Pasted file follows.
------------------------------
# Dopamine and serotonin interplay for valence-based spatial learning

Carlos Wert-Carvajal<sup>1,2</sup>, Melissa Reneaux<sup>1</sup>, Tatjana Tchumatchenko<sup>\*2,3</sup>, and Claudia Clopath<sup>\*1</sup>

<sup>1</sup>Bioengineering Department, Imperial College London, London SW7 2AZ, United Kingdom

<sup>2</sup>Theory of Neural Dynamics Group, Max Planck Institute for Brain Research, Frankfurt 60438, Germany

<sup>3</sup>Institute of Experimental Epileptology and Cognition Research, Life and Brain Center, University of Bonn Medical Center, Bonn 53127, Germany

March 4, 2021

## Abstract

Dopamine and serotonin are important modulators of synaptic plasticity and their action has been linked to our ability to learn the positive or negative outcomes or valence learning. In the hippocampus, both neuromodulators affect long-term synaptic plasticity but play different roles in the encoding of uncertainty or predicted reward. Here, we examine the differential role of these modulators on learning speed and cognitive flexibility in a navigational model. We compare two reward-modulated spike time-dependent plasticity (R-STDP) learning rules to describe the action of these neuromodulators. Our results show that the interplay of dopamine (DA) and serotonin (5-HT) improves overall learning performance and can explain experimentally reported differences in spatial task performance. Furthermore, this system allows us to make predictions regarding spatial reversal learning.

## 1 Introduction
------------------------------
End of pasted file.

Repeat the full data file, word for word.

# Dopamine and serotonin interplay for valence-based spatial learning

Carlos Wert-Carvajal<sup>1,2</sup>, Melissa Reneaux<sup>1</sup>, Tatjana Tchumatchenko<sup>\*2,3</sup>, and Claudia Clopath<sup>\*1</sup>

<sup>1</sup>Bioengineering Department, Imperial College London, London SW7 2AZ, United Kingdom

<sup>2</sup>Theory of Neural Dynamics Group, Max Planck Institute for Brain Research, Frankfurt 60438, Germany

<sup>3</sup>Institute of Experimental Epileptology and Cognition Research, Life and Brain Center, University of Bonn Medical Center, Bonn 53127, Germany

March 4, 2021

## Abstract

Dopamine and serotonin are important modulators of synaptic plasticity and their action has been linked to our ability to learn the positive or negative outcomes or valence learning. In the hippocampus, both neuromodulators affect long-term synaptic plasticity but play different roles in the encoding of uncertainty or predicted reward. Here, we examine the differential role of these modulators on learning speed and cognitive flexibility in a navigational model. We compare two reward-modulated spike time-dependent plasticity (R-STDP) learning rules to describe the action of these neuromodulators. Our results show that the interplay of dopamine (DA) and serotonin (5-HT) improves overall learning performance and can explain experimentally reported differences in spatial task performance. Furthermore, this system allows us to make predictions regarding spatial reversal learning.

## 1 Introduction